A new cleaning timer lets users know when it’s time to turn the slicer off to clean it. At three hours and thirty minutes, users receive an alert. The message stays on the display until the slicer is turned off. Another alert follows at the three hours and forty-five minutes mark.

Then, when the full hours is reached, the slicer shuts itself off and users are forced to unplug it. That’s not a guarantee that the cleaner will then be cleaned, but it certainly makes it much harder for users to avoid doing so, Clem said.

“It doesn’t force you to clean it, but surely if you have to do that, you’re going to clean it,” he said. “We think it will be huge in the supermarket industry.”

Another advantage the S series has, Clem said, is its ability to link to the Powerhouse software package, a product of Globe’s parent company, Middleby.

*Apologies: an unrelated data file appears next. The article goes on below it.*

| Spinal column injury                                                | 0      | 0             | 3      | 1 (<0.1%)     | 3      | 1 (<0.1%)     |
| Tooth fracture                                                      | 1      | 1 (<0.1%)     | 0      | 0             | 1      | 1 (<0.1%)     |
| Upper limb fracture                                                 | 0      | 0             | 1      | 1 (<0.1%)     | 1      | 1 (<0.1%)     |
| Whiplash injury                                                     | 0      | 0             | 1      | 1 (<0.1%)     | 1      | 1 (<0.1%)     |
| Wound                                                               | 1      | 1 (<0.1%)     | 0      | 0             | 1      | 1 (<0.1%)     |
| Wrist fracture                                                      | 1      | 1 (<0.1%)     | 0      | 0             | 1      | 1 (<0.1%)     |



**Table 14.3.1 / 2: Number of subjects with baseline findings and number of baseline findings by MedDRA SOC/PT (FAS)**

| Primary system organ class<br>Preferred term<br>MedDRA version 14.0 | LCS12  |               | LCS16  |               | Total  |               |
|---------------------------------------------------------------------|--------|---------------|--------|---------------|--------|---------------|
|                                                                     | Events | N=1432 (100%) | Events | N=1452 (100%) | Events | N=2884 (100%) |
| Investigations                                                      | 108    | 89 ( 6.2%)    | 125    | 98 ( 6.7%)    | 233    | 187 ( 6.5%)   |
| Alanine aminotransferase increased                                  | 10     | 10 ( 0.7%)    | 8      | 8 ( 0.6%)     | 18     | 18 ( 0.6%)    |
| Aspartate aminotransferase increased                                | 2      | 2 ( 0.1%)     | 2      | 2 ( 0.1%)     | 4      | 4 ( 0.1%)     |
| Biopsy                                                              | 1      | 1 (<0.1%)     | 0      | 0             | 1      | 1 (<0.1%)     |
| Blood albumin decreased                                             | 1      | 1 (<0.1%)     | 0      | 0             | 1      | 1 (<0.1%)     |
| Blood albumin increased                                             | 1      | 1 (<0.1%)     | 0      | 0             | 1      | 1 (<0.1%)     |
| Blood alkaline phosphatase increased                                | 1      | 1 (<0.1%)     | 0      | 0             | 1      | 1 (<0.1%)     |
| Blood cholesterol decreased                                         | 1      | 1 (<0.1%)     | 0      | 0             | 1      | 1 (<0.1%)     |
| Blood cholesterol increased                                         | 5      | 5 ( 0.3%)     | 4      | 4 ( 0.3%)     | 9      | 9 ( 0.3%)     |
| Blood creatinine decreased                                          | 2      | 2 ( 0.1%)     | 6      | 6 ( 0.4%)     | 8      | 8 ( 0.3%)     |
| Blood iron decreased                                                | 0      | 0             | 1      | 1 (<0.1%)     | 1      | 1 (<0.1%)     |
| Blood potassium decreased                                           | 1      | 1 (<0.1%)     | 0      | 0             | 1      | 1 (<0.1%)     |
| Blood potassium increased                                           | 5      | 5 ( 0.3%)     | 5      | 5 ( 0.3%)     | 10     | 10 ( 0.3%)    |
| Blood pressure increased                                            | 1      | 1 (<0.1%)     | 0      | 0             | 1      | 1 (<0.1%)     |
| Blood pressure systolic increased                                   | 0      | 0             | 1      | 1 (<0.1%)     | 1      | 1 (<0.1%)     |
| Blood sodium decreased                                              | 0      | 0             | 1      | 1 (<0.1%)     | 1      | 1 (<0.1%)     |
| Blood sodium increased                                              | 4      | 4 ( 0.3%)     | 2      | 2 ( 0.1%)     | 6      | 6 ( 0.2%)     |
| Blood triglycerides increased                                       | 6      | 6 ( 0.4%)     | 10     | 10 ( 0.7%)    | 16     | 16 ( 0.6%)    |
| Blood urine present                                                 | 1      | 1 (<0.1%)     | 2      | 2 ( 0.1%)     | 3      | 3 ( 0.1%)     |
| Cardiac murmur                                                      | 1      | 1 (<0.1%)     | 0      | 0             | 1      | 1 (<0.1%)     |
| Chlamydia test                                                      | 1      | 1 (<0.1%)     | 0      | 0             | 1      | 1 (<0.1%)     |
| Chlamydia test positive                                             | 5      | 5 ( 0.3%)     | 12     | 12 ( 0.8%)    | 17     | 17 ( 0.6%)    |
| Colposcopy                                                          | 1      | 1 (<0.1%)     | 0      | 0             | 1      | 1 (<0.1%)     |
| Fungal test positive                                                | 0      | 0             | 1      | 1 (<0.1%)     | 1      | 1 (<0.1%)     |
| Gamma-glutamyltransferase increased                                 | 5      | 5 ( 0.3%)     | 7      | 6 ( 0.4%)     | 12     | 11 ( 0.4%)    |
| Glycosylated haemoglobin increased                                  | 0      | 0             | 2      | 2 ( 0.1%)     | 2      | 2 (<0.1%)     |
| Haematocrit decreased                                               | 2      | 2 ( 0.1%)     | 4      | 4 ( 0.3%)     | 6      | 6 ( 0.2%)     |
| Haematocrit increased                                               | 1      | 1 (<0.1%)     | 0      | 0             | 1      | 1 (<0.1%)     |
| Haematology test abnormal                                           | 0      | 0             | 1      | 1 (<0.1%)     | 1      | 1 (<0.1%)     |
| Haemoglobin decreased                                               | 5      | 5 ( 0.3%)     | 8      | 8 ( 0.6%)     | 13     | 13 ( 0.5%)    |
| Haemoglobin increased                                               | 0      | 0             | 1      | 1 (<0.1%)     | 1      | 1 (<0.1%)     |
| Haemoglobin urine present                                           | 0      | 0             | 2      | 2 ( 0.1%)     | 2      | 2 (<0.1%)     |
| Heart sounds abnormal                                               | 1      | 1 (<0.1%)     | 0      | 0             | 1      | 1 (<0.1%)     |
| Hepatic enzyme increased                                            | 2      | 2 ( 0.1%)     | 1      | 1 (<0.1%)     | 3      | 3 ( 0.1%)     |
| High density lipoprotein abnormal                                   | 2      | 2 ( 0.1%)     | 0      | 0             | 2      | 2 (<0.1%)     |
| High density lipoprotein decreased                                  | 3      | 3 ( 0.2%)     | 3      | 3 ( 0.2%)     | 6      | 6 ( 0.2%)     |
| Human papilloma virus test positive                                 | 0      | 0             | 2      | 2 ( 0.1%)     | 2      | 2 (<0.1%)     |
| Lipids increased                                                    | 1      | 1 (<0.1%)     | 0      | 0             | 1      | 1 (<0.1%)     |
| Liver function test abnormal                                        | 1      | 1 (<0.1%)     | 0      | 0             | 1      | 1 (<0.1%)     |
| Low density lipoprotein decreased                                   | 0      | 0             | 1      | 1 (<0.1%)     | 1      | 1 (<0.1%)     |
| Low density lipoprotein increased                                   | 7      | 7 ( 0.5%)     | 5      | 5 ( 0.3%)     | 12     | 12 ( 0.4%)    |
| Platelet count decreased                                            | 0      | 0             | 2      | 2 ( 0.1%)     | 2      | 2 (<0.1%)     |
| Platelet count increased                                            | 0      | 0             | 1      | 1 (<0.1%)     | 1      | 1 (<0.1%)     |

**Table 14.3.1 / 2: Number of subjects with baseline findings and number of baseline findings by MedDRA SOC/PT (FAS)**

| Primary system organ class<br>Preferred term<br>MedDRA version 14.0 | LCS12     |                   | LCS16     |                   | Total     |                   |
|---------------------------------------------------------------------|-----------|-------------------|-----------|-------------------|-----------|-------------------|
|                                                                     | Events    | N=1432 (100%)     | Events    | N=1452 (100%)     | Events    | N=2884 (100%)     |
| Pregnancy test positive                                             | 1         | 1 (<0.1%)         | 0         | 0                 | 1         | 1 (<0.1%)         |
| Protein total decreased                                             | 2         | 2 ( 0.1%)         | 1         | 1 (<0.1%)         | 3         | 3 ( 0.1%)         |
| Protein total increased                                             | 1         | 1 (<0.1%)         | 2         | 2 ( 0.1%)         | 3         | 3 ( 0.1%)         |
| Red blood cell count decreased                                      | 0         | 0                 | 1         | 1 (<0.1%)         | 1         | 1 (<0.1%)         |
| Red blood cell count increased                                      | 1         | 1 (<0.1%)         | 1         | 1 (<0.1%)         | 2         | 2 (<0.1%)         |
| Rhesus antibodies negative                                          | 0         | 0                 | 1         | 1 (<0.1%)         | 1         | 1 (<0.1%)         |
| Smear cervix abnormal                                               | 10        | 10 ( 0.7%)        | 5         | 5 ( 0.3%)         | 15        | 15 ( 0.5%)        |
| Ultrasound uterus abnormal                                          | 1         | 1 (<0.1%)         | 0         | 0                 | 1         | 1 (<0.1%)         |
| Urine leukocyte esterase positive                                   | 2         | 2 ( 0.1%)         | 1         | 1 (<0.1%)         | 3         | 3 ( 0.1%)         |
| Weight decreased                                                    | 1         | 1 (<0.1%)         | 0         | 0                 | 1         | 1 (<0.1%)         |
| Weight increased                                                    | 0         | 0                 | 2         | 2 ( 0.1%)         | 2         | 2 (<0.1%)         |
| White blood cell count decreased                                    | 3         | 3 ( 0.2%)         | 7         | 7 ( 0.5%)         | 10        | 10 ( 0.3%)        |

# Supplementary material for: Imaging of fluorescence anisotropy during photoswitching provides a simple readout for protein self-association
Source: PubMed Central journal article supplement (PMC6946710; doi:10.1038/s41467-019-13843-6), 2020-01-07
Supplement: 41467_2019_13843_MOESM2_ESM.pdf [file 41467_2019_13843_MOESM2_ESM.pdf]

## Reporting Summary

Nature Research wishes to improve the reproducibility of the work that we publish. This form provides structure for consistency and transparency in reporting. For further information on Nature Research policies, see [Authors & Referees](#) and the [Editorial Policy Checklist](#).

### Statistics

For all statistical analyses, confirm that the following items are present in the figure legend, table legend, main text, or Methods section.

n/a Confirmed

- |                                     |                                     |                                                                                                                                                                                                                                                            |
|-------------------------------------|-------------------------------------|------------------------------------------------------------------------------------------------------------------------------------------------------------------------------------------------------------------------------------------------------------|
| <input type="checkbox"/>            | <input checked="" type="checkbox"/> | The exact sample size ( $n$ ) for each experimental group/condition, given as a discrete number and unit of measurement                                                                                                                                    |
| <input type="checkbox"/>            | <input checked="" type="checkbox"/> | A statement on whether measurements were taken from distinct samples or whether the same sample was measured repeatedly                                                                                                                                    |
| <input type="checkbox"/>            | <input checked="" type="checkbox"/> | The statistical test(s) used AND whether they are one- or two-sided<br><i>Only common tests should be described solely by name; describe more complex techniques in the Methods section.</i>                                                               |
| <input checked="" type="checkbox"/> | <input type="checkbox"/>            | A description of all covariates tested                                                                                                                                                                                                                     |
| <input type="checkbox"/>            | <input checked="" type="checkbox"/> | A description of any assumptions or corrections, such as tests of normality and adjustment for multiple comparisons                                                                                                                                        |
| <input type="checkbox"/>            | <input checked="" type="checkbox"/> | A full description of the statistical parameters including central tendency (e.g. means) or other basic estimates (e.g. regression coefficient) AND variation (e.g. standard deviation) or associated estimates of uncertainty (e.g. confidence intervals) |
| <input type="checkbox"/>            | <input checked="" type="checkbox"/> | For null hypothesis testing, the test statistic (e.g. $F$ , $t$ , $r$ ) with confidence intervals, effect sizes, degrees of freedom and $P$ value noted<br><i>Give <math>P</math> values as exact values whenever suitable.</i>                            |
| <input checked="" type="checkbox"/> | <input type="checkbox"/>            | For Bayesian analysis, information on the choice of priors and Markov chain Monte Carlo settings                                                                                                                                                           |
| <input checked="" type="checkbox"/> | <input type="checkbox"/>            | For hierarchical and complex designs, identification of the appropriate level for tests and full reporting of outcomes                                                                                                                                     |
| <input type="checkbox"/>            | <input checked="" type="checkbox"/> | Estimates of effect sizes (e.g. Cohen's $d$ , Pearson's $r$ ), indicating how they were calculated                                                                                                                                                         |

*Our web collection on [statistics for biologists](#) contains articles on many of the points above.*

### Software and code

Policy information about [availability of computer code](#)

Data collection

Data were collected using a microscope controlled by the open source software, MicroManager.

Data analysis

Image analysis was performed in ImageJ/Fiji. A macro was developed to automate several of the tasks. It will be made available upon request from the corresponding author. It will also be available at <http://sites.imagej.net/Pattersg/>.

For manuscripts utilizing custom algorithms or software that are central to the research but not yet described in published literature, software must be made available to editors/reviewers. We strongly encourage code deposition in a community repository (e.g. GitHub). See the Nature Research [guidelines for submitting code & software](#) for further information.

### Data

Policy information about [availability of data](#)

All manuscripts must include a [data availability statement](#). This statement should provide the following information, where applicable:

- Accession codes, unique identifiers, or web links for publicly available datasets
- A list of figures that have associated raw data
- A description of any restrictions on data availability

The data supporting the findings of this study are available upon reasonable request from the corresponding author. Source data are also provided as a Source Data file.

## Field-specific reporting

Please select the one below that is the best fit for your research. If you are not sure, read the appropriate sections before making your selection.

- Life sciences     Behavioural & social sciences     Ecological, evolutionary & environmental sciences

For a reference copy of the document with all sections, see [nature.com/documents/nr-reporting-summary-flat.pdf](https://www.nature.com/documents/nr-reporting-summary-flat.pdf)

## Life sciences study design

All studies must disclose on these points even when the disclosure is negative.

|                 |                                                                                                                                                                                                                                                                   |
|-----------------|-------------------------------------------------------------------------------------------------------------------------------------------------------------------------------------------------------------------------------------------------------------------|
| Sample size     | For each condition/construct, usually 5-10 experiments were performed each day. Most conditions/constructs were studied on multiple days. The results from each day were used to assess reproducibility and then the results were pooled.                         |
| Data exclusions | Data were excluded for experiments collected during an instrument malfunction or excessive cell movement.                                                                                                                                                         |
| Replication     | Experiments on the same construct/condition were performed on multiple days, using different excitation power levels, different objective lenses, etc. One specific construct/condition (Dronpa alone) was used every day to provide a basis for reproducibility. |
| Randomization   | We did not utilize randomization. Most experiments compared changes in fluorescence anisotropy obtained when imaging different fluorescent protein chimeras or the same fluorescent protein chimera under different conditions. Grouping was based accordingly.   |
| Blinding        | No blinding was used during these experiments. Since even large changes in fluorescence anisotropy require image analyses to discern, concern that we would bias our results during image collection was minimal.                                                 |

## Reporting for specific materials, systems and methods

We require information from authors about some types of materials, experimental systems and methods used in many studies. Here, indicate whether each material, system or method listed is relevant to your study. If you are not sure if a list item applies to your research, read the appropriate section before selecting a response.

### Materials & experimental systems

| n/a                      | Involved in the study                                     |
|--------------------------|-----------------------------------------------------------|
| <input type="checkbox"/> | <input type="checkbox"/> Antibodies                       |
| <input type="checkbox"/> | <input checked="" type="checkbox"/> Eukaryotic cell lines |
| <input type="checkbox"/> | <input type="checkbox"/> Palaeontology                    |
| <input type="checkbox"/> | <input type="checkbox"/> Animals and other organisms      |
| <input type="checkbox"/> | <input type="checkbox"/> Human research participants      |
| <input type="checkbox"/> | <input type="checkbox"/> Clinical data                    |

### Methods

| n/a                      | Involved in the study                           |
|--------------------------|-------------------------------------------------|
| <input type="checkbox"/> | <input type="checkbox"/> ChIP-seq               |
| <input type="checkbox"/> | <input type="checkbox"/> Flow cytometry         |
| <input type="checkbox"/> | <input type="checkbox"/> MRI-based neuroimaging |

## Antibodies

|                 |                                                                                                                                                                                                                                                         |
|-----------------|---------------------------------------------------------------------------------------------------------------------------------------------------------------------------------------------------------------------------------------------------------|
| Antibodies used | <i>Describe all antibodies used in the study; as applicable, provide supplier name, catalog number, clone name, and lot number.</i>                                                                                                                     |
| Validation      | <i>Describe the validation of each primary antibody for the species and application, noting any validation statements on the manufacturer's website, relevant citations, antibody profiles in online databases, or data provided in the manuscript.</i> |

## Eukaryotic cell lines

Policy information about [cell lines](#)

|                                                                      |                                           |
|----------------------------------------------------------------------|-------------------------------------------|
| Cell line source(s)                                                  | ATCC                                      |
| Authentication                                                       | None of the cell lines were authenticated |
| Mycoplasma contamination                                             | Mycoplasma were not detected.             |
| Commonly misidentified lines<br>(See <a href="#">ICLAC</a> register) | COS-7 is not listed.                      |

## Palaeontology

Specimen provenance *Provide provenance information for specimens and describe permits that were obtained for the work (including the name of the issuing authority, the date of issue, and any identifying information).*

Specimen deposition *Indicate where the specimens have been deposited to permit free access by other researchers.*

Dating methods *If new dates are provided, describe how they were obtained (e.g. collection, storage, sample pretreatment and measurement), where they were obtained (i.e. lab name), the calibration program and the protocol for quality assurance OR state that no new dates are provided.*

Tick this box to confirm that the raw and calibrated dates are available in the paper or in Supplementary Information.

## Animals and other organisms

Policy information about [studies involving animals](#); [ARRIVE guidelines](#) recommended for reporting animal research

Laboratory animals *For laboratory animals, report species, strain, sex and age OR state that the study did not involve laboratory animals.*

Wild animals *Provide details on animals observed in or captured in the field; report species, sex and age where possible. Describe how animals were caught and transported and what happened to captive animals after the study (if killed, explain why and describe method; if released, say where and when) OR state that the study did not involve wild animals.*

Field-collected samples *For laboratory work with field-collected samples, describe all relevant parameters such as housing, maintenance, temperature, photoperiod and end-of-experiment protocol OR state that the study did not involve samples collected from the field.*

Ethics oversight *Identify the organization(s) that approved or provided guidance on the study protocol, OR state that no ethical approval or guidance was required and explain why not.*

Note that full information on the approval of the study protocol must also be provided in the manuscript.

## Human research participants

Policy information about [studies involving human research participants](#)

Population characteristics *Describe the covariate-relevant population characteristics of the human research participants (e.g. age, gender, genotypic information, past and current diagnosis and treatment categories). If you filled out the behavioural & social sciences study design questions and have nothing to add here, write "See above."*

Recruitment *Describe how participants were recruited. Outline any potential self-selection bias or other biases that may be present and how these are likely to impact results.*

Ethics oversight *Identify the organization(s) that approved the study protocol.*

Globe’s current top customer is the Arby’s fast-food chain. Using Powerhouse, Arby’s knows how many roasts are being held at any given time in all of its restaurants. It also knows the exact temperature in its stores, because Powerhouse ties into the HVAC system.

With Powerhouse, instore operators could keep a laser focus on their yields, know how many slices are made in a given day. And the closer track you can keep of that, the better chance of meeting your food safety goals.

“We think it’s a huge advantage in terms of maintenance,” Clem said.

The right cases for the right products

It’s crucial, Proctor said, to pick the right type of case for the products being merchandised. For example, meal kits are composed of raw meat products.  Meat should be kept at meat temperatures to ensure a safe product.  Merchandising meal kits with raw meat product in deli temperatures could shorten the life of the products and affect the taste of the product by increasing the purge rate of the fresh meat.  

“Know what product temperatures are recommended for each of the products being merchandised,” she said.